Ivy, $6.99, ISBN 0-8041-1996-1
Contemporary Romance, 2003
Don’t be fooled by Rachel Gibson’s endorsement and the football player hero into believing that Looking for Lacey is a See Jane Score type of light-hearted romp. As one of the reigning Queens of Trauma Porn, Linda Francis Lee doesn’t flip over and turns into Mindy Chuckles overnight. It’s just not done – by doing so, it is probably going against the cosmic laws themselves. Having said that, I like this contemporary version of Linda Francis Lee. She still has a distressing tendency to handle her characters’ emotional baggage in a most tired and derivative style, but in this one, the characters grow and their emotional epiphany resonates me with me.
Bobby McIntyre seems like a typical sports jock: a football player thinking the world is against him because of his wounded knee and because of his past. Lacey Wright is a single mother determined to live right even if she has to lie about her experiences and despite her past. She ends up getting hired by Bobby’s sister to run Bobby’s sports bar. Talk about bad timing: the sister, Beth, has fired the man before Lacey and now Bobby is mad at losing that friend (who has also stolen a large sum of money from the business, but that doesn’t matter to Bobby because Gator is a friend and because his life is so sad, boo hoo hoo, etc) and he isn’t above taking out his anger at Lacey. Read that as making smarmy moves on her hoping that she will flee the job. But he has underestimated the abnormally high tolerance level of creeps in a desperate romance heroine. Also, these two actually begin to bond over their past (boo hoo hoo) – a rare occurrence in this author’s usually angst-filled drama-mama books – and they actually embark on a courtship that is simultaneously hesitant and rocky all at once.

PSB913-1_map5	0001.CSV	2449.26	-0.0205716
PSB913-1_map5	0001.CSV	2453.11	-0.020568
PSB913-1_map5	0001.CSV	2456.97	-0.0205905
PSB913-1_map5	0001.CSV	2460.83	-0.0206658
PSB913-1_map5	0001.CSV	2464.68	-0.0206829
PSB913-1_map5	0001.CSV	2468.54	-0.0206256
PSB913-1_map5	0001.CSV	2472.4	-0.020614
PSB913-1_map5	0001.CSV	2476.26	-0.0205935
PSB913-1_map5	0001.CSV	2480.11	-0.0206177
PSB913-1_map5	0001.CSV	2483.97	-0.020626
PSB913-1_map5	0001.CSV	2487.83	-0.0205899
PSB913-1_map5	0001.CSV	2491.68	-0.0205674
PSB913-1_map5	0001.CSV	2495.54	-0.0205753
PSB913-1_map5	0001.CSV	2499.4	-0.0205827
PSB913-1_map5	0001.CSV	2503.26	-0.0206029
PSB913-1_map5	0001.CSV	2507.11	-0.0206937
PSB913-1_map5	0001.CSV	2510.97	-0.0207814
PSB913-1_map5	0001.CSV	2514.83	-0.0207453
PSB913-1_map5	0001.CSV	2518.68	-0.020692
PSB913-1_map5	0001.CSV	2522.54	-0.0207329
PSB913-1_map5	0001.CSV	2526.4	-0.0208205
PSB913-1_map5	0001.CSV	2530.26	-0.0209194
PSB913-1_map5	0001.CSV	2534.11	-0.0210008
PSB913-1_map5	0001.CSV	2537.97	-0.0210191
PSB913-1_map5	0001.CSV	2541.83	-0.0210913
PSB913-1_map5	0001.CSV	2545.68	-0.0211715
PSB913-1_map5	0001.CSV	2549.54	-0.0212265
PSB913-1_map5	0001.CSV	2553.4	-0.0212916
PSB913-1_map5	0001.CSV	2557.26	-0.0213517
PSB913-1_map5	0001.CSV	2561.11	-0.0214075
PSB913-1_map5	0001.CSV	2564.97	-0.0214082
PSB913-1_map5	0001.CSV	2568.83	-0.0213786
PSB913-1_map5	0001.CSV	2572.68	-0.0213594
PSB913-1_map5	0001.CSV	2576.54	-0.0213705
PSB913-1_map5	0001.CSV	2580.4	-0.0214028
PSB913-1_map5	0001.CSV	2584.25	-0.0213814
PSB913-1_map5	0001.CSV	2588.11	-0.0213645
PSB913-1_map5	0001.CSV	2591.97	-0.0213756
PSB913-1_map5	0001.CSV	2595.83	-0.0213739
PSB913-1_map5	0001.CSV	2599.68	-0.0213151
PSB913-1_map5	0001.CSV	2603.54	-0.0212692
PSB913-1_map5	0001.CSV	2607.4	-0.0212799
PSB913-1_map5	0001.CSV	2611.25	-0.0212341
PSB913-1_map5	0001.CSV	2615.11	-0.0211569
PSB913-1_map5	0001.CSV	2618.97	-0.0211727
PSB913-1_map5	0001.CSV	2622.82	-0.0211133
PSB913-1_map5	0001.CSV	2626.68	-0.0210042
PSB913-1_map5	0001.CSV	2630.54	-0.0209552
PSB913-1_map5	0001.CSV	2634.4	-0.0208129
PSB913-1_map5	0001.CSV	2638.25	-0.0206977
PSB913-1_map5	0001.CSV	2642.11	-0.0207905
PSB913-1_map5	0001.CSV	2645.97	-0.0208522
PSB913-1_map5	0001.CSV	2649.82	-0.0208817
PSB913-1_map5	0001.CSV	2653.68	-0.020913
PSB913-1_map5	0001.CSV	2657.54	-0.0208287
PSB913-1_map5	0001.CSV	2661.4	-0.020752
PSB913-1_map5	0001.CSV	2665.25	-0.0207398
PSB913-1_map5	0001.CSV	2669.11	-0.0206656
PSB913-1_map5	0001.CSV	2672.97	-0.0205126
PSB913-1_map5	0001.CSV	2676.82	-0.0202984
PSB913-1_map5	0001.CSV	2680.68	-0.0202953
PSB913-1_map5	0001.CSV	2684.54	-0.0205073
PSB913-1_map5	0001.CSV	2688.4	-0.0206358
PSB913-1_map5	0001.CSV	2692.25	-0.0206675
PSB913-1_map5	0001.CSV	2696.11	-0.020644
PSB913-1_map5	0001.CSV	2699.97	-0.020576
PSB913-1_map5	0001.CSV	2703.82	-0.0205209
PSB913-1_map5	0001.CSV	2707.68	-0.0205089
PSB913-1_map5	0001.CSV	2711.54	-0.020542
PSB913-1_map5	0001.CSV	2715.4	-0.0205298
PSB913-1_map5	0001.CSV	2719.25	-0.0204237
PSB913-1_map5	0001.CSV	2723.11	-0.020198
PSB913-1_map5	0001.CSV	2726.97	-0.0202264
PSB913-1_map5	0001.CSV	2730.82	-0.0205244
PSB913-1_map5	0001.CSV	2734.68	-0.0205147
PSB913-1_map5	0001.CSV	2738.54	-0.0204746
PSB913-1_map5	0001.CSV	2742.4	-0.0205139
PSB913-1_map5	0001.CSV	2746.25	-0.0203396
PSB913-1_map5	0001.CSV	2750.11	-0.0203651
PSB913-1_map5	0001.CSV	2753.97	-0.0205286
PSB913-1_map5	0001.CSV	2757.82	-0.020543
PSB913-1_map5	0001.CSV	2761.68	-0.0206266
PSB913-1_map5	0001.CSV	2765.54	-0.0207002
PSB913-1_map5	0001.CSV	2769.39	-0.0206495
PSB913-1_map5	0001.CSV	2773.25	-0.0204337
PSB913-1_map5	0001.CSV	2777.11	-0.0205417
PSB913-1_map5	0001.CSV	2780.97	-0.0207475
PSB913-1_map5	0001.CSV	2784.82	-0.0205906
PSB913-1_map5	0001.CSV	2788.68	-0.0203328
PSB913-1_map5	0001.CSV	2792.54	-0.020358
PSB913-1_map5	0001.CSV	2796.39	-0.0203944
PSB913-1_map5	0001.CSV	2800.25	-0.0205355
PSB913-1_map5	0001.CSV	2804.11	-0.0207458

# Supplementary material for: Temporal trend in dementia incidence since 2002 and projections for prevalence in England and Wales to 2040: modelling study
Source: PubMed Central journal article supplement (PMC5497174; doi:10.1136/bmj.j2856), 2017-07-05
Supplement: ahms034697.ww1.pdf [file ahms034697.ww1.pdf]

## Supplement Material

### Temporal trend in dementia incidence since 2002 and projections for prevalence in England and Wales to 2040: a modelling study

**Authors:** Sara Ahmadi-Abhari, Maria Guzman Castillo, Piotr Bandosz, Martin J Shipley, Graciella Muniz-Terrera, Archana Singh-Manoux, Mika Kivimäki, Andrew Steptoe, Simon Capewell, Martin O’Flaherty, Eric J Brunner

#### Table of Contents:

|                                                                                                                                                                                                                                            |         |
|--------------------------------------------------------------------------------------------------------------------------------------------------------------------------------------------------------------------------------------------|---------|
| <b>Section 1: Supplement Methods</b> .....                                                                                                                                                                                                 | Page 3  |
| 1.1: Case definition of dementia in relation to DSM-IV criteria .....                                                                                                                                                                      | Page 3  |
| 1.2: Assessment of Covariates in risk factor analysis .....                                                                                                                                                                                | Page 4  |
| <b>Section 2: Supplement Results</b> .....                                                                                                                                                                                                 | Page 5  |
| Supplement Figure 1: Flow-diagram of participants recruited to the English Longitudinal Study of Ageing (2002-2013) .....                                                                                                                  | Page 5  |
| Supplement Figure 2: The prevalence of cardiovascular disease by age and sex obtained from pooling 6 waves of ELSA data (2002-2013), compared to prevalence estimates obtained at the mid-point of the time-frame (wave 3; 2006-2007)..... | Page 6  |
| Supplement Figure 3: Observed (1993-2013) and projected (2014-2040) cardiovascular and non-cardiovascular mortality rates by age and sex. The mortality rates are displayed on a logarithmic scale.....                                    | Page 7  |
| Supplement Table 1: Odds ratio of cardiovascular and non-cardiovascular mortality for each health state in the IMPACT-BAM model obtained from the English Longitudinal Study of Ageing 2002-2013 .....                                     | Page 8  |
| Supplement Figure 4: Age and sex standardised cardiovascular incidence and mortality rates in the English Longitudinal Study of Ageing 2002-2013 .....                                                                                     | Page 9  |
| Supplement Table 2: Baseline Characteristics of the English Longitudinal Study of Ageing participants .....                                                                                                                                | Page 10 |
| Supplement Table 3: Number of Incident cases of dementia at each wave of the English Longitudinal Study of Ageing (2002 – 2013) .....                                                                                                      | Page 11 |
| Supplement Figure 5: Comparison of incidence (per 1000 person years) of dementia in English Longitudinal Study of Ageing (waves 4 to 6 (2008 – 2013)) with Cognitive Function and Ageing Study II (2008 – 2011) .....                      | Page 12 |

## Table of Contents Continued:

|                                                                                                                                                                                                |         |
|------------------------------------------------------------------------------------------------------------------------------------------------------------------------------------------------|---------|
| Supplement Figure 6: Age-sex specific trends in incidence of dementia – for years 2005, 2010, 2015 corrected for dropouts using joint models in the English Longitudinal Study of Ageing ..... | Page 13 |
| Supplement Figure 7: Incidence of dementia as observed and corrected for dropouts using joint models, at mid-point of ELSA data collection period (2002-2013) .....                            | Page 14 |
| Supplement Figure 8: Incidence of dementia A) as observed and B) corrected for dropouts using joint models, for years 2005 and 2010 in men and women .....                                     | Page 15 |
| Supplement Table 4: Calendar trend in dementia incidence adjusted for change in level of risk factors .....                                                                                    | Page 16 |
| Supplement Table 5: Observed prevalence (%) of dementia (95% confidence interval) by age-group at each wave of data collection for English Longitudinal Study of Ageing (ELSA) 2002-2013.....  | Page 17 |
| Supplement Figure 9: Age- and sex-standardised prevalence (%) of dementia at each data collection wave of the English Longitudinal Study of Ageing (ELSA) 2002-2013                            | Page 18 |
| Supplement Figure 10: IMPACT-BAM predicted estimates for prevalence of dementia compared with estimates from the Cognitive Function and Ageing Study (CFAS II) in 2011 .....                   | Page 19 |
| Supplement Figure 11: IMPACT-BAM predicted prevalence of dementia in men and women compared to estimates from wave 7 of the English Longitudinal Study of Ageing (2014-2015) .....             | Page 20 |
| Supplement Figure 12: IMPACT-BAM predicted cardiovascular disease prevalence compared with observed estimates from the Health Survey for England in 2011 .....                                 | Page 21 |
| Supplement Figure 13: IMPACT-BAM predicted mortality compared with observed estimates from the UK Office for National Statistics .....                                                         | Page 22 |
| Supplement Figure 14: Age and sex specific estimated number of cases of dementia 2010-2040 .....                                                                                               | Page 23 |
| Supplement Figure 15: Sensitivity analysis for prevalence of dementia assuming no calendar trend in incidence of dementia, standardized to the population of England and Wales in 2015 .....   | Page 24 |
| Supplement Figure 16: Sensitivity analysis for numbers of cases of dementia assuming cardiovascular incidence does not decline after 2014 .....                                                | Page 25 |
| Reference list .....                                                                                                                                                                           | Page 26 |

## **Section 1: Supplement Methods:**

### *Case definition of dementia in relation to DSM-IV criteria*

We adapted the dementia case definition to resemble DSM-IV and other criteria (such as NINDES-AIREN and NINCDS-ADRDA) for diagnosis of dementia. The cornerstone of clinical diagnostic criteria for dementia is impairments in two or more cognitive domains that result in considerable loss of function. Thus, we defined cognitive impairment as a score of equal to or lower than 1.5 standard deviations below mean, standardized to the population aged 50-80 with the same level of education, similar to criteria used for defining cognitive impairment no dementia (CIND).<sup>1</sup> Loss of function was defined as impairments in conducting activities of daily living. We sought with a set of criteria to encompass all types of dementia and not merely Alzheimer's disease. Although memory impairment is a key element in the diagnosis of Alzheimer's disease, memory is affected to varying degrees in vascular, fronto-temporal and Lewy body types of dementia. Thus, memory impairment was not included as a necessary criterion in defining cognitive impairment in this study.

Bobby and Lacey’s baggage is actually derivative types. The author, however, doesn’t overplay the angst this time around. Another great thing about this book is that while the characters tend to go on and on about their Boo Hoo Hoo, Lacey doesn’t exactly allow Bobby to take everything out on her, not all the time. These two characters’ courtship is nicely done and filled with tiny simple moments that count. The small moment of nervousness before you open the door to greet him – does your hair look okay? – to the small quiet moments of bonding to dancing to sweet music: these two people really start to heal when they’re together, and the author manages to sell me these little sweet moments of discovery and simple joy in a courtship perfectly. I am quite shocked to find the words on the page blurring – wasn’t Bobby about to confess that he can’t swim – damn, I’m crying. Why am I crying? I’m being manipulated, but because I’m a sucker for sweet stories that accurately evoke those beautiful scary moments when one is about to fall in love, let me just make a parachute out of Kleenex and jump right over the cliff. I love to read about how a courtship can drive two people to forget their blues if only for the moment and make sweet, sweet love. It’s like a nicely done country song, this book – manipulative but so difficult to resist.
Being a mistress of emotional manipulation when it comes to her writing, Linda Francis Lee divides readers, from my experience, into either loving her unconditionally or rejecting her outright: she is not an author for everyone. My own experiences with her books are rocky: I like some, I really hate it when this author overplays her hand at dishing out the melodrama, but sometimes, she manages to use her elegant wordsmith and powerful sense of description and scene building to create a story where even a simple scene of kissing between two wounded people seems like one of the most beautiful scenes I have ever read. And how nice for me that Looking for Lacey is one such time.